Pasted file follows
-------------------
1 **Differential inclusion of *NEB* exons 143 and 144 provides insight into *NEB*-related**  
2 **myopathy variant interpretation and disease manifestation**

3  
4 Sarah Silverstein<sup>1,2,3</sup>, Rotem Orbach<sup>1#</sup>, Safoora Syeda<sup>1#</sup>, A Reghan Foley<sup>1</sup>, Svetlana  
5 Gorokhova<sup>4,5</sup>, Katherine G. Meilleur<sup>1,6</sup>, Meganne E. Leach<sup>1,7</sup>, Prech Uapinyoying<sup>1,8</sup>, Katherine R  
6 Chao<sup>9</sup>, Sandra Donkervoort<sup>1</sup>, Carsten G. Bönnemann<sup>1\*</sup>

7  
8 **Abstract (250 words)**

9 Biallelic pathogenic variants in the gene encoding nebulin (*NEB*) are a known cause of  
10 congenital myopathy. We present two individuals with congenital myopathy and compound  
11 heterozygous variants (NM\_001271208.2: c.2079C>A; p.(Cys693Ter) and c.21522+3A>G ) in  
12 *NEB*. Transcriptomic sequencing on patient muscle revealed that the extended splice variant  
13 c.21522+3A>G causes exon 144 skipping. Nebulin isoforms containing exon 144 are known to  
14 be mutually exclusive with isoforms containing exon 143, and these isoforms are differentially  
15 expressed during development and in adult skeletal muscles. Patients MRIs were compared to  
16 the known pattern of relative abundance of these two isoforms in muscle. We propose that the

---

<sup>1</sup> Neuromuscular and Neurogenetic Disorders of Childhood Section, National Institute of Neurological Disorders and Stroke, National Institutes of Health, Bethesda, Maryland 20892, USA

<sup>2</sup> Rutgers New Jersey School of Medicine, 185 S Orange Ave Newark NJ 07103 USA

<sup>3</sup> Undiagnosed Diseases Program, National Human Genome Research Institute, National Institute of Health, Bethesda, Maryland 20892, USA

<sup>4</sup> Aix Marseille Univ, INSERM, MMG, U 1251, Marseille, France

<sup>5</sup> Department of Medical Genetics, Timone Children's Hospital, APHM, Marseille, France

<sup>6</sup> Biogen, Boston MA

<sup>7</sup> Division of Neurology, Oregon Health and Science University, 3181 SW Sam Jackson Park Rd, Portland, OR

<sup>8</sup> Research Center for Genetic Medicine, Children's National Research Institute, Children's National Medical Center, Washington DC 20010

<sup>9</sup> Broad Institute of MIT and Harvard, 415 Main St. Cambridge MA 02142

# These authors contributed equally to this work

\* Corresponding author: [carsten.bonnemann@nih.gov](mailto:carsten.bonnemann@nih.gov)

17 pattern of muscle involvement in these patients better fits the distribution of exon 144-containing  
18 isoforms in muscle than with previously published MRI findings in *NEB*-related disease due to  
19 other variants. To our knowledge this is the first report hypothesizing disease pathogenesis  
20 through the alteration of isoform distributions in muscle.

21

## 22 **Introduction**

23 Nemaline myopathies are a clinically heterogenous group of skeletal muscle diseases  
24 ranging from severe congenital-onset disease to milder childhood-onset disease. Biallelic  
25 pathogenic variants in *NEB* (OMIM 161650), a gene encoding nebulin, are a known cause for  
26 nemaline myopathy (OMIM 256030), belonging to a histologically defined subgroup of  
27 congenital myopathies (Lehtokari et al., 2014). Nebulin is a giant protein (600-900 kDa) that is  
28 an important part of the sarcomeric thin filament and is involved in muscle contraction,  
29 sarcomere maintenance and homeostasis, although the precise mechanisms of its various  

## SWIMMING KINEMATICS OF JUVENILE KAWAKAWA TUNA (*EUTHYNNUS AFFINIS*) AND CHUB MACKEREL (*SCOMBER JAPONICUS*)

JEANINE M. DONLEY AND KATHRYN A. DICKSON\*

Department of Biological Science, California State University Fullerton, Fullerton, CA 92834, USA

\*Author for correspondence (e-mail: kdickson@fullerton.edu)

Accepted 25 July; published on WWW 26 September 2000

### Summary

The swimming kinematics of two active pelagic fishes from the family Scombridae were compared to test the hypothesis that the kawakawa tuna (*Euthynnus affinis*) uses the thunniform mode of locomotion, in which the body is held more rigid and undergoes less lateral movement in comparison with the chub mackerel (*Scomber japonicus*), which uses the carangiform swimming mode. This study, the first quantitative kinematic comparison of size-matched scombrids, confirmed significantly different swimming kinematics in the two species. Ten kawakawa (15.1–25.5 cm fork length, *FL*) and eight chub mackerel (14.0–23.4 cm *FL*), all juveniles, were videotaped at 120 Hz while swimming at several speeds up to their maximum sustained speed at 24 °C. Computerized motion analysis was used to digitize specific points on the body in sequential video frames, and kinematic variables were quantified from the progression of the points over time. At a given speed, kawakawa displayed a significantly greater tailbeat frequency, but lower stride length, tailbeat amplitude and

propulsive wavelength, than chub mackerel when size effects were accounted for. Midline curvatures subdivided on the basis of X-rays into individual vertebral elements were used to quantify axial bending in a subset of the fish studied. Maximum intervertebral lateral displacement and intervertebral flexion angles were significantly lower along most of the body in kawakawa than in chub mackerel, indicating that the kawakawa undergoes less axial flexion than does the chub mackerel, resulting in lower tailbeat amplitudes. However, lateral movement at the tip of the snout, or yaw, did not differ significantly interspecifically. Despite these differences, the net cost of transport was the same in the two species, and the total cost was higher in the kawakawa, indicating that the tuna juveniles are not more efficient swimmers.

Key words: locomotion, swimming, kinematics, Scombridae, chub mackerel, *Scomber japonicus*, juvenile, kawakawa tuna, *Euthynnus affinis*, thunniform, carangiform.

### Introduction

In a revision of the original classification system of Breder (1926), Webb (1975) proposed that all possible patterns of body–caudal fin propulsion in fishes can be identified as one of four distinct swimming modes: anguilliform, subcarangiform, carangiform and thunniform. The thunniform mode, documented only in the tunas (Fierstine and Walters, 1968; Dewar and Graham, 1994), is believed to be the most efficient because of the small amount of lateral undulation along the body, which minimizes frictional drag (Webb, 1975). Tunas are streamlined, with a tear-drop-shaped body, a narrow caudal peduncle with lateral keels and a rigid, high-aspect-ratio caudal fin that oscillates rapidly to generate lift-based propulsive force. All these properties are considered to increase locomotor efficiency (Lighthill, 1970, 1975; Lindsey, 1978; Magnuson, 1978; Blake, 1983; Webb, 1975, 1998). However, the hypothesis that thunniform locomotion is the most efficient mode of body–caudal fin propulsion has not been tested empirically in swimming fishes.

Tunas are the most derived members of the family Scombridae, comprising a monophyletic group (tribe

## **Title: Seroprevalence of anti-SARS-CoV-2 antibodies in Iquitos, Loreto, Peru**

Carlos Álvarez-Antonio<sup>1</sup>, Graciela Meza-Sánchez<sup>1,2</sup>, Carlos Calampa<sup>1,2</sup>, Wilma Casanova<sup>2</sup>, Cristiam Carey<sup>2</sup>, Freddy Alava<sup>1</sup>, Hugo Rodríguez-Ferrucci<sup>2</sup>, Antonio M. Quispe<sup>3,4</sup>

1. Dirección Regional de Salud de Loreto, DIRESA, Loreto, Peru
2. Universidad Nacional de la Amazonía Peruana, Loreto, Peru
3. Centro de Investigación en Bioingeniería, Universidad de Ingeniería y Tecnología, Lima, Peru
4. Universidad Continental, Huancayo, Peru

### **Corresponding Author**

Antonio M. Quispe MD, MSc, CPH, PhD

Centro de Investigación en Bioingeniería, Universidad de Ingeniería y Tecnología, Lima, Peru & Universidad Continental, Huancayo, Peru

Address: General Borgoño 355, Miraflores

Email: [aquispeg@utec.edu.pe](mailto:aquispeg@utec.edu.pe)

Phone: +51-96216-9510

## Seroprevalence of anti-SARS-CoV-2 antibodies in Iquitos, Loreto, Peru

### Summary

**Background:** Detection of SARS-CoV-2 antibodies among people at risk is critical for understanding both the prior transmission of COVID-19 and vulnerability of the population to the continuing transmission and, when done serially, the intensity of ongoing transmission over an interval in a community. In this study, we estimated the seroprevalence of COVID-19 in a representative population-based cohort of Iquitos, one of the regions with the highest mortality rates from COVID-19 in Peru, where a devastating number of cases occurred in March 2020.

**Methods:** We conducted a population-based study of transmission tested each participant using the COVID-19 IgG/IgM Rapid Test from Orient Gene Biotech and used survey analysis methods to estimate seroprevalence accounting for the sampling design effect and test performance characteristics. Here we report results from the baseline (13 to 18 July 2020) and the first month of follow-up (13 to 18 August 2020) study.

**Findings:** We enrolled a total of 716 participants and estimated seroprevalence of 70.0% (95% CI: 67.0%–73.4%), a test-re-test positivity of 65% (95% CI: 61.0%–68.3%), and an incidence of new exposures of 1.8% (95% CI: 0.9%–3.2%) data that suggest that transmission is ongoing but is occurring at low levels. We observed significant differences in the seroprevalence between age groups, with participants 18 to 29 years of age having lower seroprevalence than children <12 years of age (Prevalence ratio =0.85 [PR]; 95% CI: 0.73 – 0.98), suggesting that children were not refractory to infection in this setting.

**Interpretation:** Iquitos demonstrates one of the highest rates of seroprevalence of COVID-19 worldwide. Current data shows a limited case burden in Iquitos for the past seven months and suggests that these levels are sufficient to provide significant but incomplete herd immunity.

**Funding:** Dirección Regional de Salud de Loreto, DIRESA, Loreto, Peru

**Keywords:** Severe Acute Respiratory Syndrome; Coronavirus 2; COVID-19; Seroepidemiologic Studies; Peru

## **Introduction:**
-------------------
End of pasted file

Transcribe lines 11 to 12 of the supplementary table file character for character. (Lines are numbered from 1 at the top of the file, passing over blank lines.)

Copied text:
11 heterozygous variants (NM\_001271208.2: c.2079C>A; p.(Cys693Ter) and c.21522+3A>G ) in  
12 *NEB*. Transcriptomic sequencing on patient muscle revealed that the extended splice variant  